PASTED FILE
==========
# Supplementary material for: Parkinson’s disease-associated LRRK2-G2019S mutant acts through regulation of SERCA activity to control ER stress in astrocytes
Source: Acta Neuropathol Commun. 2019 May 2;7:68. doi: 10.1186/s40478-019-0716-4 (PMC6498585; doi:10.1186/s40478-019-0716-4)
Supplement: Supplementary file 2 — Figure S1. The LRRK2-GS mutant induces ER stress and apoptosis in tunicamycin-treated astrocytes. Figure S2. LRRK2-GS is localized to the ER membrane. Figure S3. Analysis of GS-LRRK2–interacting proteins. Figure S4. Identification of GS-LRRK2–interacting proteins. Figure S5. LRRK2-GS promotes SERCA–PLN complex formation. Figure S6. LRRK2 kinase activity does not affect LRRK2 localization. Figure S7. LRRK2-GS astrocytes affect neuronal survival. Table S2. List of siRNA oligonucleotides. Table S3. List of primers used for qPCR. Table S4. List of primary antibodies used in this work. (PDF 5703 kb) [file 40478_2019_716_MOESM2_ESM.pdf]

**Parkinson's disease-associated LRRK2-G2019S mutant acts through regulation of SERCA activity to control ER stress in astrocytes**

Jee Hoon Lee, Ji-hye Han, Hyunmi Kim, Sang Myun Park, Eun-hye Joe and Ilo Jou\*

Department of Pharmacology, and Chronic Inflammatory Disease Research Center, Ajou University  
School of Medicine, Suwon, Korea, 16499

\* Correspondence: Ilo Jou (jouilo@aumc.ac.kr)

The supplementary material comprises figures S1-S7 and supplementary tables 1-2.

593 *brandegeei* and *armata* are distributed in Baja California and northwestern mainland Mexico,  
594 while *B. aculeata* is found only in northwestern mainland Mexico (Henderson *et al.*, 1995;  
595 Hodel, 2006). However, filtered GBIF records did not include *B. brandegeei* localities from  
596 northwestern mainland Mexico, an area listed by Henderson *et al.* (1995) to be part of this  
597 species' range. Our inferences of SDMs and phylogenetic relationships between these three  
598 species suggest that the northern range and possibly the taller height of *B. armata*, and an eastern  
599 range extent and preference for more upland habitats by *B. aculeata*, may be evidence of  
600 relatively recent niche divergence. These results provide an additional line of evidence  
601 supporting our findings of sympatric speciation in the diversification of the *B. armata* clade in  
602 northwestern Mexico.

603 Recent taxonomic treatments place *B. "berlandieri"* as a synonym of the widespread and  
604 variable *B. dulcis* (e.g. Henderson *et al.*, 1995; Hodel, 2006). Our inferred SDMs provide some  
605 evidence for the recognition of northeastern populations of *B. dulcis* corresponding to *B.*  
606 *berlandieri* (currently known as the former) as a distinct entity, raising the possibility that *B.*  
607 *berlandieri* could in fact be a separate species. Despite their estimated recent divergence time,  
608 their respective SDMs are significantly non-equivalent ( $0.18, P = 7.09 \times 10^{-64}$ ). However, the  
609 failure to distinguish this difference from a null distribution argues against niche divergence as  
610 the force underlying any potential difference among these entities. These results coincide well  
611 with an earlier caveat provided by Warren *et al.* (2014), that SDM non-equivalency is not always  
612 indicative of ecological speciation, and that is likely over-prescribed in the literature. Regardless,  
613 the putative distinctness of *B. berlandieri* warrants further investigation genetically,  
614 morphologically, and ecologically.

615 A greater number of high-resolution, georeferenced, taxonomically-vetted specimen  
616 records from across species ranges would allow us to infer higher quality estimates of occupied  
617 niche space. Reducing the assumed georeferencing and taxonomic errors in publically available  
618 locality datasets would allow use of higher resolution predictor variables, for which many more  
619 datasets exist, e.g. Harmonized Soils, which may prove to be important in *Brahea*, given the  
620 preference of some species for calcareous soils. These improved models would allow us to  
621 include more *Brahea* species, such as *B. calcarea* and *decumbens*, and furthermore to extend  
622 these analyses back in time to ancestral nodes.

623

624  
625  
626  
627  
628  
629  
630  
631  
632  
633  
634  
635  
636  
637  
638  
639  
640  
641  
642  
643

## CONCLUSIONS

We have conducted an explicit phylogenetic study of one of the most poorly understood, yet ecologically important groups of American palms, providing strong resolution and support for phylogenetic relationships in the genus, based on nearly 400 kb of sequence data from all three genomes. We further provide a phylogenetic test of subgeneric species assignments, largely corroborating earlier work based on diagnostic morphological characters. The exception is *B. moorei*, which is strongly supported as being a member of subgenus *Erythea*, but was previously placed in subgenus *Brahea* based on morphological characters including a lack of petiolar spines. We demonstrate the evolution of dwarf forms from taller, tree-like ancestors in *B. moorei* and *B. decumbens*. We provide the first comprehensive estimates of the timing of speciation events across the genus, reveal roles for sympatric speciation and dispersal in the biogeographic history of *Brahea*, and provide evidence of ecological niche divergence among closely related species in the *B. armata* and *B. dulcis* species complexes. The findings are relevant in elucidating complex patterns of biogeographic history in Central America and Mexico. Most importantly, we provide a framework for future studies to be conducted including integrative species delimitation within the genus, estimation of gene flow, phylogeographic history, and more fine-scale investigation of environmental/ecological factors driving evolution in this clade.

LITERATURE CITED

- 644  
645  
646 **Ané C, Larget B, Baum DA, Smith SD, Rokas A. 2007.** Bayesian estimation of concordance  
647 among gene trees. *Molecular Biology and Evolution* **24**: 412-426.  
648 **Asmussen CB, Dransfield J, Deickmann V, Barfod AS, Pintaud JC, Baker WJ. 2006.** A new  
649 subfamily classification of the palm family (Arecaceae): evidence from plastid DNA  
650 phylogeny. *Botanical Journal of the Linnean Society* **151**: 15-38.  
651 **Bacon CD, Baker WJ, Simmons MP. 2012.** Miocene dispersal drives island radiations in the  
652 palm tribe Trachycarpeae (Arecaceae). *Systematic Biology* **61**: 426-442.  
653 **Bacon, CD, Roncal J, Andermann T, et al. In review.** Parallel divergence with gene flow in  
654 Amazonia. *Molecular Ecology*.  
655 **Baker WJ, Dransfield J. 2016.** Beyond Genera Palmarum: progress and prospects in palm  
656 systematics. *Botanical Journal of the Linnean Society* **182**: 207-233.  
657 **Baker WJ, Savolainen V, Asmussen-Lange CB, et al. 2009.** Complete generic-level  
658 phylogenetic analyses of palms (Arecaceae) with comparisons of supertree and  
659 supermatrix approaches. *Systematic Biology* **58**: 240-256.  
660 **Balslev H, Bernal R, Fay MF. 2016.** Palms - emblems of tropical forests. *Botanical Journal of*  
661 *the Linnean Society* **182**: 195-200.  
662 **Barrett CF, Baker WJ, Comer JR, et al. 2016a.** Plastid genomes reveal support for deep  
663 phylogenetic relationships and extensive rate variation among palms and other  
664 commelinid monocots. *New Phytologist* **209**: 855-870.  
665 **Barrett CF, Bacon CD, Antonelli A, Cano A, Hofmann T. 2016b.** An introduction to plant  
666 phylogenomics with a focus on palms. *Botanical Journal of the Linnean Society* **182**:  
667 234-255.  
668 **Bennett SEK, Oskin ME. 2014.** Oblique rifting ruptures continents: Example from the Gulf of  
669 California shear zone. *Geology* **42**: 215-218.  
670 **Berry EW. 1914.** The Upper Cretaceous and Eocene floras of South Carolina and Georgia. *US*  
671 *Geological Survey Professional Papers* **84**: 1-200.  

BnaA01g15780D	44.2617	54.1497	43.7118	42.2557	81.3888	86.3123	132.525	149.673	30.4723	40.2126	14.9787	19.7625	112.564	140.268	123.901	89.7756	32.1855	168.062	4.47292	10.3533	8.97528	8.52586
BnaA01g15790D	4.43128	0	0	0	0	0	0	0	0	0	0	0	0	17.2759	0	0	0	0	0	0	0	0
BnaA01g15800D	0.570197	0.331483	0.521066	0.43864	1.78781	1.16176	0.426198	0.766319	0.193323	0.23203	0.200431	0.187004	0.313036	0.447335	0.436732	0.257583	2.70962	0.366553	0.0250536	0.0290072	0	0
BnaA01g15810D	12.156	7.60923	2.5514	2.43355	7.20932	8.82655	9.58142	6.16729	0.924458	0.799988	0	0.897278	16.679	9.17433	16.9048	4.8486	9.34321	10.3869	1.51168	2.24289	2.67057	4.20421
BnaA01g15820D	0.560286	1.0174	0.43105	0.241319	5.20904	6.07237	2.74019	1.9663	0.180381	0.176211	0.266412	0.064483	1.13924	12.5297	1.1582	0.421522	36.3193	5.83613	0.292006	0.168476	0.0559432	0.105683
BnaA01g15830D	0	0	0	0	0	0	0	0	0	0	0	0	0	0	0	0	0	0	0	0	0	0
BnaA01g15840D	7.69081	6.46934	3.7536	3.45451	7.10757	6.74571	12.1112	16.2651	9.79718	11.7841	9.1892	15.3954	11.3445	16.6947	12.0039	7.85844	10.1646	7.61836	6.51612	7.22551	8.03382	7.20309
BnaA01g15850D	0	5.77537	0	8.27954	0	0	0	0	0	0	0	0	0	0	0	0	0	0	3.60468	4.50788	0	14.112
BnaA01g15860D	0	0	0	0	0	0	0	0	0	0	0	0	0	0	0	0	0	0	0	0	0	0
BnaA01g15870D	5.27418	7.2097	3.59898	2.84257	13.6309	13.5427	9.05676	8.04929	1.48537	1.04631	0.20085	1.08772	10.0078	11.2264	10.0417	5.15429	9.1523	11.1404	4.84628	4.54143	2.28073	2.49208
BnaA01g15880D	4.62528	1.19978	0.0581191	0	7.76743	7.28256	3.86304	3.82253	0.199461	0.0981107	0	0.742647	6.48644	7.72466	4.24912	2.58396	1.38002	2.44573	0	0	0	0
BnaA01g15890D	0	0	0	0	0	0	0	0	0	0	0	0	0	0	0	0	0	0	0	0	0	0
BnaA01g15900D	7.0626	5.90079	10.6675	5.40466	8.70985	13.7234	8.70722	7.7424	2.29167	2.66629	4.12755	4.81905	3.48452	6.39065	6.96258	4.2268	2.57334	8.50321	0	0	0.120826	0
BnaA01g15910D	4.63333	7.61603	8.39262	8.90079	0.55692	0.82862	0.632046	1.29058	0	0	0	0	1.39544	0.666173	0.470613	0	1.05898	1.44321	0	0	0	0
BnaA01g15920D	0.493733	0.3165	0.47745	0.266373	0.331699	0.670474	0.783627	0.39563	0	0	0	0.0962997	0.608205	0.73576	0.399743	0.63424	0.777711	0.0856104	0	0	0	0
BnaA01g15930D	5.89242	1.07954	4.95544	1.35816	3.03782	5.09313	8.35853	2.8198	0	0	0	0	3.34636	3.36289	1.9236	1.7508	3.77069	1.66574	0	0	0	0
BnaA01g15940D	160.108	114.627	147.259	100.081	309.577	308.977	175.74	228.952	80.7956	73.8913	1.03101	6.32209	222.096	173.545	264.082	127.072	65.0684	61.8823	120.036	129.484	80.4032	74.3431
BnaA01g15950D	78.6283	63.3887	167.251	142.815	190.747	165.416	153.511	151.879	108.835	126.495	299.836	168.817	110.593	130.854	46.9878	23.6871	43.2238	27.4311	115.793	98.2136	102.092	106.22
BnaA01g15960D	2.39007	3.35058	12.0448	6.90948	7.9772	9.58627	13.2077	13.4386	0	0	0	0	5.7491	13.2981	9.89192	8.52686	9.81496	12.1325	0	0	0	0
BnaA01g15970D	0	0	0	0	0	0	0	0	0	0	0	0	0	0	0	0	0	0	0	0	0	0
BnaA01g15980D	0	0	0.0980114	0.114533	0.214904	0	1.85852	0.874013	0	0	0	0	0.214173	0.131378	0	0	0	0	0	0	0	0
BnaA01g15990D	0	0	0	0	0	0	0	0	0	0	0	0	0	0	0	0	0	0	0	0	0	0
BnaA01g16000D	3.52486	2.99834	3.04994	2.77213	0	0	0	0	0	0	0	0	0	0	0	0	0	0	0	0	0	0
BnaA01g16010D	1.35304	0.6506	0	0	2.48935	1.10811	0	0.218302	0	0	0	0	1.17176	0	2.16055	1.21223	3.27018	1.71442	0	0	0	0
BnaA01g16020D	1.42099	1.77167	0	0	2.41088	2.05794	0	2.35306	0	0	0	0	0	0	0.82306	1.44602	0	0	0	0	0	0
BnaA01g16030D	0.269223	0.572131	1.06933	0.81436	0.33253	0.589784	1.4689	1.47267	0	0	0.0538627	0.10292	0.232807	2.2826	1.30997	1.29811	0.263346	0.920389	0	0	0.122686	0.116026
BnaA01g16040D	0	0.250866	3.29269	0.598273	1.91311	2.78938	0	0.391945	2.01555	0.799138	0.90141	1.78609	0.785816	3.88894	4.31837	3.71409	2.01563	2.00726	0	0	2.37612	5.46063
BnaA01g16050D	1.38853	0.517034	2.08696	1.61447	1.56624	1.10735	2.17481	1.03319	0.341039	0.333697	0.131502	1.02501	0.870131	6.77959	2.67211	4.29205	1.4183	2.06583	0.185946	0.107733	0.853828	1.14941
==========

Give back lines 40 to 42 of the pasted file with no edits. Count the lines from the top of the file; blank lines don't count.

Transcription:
623

624  
625  